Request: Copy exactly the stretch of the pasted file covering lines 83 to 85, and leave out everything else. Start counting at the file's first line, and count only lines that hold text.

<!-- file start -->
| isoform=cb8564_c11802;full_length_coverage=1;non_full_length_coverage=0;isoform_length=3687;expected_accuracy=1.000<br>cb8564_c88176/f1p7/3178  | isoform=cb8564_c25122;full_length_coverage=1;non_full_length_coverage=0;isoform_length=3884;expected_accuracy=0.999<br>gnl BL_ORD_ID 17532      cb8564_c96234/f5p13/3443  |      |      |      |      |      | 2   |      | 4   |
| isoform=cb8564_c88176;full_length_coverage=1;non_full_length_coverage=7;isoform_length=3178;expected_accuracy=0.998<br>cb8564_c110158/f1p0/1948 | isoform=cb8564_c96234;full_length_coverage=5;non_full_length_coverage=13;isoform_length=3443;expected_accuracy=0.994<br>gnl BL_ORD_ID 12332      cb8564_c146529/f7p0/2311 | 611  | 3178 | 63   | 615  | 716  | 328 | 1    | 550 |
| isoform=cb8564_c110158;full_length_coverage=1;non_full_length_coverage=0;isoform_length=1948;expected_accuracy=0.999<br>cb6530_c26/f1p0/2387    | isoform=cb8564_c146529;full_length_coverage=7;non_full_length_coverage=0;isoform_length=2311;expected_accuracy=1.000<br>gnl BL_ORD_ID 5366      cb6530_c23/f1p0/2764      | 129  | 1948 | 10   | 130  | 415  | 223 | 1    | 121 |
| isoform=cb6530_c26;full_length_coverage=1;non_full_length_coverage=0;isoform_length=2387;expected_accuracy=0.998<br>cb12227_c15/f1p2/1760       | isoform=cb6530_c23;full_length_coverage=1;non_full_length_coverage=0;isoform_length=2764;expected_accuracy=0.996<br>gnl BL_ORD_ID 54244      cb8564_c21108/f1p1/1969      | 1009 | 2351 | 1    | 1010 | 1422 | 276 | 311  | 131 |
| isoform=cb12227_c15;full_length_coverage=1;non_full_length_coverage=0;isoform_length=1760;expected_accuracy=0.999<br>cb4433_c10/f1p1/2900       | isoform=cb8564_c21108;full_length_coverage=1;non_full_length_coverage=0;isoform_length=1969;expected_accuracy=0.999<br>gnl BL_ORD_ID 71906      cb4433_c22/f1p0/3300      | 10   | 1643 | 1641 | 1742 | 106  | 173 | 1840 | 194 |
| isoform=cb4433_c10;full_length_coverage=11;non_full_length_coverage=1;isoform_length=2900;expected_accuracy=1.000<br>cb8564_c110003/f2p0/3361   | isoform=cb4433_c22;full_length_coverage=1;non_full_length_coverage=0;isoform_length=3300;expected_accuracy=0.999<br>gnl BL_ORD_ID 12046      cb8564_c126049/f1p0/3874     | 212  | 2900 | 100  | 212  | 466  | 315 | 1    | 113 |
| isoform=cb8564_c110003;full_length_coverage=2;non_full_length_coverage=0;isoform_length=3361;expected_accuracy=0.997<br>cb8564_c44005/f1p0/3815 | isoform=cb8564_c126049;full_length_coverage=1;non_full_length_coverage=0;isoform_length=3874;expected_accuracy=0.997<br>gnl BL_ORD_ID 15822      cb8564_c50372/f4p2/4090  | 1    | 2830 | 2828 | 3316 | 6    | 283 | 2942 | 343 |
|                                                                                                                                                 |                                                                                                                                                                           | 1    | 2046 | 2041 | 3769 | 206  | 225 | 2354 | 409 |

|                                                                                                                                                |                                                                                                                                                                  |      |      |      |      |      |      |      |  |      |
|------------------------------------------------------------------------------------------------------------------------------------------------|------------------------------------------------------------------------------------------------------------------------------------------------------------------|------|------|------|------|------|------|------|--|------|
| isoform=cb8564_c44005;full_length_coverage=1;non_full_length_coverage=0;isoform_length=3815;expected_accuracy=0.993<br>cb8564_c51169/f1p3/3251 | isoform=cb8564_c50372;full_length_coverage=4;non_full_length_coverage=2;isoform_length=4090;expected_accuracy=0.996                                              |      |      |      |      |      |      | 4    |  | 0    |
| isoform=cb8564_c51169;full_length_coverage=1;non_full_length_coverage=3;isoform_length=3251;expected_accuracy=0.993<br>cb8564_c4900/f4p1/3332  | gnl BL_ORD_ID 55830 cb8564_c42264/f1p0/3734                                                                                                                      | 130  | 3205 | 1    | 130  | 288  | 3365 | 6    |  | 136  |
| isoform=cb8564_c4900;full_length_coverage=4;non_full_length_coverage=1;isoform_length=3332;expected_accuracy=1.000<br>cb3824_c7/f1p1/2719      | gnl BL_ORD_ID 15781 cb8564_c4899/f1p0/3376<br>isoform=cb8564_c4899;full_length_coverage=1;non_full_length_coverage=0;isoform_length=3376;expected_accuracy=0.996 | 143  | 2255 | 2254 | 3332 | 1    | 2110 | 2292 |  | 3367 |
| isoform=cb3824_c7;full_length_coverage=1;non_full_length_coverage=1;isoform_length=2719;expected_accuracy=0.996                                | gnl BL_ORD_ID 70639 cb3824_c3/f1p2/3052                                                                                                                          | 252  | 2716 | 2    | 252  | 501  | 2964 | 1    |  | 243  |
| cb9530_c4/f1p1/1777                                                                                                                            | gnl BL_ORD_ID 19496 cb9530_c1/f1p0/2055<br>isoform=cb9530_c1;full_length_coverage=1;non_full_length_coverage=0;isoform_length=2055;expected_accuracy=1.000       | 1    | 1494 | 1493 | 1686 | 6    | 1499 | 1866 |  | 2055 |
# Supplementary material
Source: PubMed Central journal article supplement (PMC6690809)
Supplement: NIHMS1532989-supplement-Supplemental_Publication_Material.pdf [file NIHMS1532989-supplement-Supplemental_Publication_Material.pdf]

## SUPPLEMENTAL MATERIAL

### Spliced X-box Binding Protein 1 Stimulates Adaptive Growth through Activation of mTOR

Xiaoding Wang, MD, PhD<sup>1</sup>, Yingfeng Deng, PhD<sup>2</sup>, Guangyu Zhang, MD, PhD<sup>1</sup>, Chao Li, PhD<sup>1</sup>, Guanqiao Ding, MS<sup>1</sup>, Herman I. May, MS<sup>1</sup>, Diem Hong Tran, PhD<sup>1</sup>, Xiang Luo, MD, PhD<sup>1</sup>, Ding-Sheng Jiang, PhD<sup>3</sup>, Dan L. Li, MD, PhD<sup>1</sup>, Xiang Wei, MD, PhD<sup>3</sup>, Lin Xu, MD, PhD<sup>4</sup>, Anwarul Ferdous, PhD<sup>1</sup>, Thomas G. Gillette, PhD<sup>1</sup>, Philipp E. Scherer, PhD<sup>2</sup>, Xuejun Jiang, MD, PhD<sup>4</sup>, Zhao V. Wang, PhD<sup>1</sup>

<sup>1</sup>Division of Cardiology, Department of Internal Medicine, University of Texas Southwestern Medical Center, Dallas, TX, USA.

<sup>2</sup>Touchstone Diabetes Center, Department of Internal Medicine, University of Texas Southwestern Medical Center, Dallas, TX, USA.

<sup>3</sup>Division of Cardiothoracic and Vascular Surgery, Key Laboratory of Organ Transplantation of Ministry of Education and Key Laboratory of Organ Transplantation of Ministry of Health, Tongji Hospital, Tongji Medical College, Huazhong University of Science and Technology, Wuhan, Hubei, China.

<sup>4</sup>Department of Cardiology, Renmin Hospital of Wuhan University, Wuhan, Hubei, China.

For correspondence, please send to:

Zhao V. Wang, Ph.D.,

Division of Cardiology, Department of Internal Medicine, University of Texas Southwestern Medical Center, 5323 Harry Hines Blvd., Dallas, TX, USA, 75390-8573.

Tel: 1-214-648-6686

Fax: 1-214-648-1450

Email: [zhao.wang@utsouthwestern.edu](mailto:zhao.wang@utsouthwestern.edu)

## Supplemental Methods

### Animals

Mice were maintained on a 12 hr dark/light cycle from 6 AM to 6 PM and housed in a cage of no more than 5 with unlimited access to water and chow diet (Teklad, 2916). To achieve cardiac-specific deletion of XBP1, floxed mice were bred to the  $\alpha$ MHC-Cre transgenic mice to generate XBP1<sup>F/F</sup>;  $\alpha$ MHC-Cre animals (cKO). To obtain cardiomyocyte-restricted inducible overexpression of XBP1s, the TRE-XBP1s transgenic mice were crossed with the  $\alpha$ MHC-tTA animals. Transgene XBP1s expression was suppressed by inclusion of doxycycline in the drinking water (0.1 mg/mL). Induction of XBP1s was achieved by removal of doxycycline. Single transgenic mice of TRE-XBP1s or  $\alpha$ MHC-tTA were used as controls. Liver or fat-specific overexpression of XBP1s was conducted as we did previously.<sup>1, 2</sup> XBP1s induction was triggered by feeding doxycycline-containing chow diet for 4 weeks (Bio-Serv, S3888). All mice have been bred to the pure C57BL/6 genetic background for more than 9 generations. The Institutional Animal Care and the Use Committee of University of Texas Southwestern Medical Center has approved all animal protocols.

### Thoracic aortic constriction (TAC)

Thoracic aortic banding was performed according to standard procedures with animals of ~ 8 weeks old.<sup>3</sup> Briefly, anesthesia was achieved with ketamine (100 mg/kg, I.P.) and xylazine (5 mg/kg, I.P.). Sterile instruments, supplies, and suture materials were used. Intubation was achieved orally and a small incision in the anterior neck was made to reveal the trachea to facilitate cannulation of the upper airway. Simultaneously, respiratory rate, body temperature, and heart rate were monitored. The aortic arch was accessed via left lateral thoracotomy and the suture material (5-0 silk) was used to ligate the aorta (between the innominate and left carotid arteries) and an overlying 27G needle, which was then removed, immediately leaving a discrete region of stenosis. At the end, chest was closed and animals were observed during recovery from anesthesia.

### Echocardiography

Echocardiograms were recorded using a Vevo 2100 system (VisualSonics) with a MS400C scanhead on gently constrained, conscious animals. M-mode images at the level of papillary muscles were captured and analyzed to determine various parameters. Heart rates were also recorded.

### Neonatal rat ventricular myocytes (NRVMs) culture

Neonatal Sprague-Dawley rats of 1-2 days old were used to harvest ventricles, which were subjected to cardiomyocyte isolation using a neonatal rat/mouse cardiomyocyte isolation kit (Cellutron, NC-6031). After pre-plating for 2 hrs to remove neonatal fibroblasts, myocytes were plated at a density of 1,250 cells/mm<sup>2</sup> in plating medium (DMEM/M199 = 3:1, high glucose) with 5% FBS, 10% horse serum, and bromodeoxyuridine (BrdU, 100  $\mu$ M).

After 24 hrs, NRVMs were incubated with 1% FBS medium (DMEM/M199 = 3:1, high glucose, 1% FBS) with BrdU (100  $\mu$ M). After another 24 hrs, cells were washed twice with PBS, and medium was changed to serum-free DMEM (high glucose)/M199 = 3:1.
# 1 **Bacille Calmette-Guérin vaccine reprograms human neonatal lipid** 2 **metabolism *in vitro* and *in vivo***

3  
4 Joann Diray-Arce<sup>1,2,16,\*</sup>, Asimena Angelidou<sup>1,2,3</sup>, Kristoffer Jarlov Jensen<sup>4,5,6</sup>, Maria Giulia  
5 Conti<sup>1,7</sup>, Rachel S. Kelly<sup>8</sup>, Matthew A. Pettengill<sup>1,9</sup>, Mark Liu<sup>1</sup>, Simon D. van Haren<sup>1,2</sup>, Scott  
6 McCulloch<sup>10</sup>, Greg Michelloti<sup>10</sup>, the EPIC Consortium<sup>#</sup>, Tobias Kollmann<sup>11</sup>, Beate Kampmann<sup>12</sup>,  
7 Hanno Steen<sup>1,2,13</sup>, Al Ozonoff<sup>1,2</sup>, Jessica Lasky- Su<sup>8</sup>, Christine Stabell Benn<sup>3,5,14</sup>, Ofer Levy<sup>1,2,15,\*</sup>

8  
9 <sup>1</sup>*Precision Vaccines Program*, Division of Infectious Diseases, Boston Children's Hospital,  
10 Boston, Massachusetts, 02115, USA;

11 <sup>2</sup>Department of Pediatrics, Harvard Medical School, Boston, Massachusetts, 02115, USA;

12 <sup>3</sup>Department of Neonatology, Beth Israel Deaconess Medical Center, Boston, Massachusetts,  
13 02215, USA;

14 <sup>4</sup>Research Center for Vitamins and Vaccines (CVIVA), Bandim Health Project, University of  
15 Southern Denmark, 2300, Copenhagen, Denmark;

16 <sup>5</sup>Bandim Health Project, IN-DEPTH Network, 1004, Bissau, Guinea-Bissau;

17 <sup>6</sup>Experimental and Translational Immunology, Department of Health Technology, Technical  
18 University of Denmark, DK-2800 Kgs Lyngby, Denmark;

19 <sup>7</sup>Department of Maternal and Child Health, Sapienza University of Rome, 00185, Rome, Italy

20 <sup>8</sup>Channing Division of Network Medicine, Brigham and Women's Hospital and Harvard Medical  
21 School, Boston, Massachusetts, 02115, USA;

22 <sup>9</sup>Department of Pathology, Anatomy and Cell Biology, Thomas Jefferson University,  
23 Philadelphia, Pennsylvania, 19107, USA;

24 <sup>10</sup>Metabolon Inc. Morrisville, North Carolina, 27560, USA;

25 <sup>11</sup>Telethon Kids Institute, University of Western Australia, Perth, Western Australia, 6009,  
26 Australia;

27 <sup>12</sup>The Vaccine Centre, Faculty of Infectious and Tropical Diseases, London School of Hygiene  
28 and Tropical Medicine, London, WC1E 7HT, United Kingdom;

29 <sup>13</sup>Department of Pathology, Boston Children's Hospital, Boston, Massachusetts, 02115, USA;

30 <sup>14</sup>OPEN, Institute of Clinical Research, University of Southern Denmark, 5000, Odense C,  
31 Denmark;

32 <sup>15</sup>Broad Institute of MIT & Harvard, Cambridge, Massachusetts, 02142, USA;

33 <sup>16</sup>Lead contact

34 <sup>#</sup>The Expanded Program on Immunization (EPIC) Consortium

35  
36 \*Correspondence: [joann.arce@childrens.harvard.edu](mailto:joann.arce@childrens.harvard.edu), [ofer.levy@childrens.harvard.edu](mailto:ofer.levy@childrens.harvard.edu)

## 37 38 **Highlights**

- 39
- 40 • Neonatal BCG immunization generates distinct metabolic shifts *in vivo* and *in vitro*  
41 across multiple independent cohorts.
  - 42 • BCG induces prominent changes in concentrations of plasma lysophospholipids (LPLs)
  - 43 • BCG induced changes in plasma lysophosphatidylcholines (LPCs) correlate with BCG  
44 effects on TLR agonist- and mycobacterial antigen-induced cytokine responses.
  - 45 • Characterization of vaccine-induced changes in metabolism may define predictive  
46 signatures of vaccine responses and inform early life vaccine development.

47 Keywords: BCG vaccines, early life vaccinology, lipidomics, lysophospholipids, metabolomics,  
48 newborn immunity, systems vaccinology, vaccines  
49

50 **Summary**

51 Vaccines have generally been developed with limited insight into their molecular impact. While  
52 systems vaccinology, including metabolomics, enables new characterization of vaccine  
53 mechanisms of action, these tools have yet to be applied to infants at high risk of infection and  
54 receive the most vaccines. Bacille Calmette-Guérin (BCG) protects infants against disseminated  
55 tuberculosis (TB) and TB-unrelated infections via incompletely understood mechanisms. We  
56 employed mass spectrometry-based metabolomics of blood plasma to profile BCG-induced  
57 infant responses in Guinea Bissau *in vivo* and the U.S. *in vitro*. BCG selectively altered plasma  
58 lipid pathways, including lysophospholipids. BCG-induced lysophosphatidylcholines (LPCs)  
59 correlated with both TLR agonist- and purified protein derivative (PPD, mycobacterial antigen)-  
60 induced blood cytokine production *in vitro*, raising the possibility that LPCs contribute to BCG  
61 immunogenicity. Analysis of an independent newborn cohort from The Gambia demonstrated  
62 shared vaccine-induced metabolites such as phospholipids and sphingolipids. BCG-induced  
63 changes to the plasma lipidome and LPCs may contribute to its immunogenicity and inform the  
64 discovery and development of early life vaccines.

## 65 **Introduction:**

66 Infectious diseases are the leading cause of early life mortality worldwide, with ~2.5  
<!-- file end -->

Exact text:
44 effects on TLR agonist- and mycobacterial antigen-induced cytokine responses.
  - 45 • Characterization of vaccine-induced changes in metabolism may define predictive  
46 signatures of vaccine responses and inform early life vaccine development.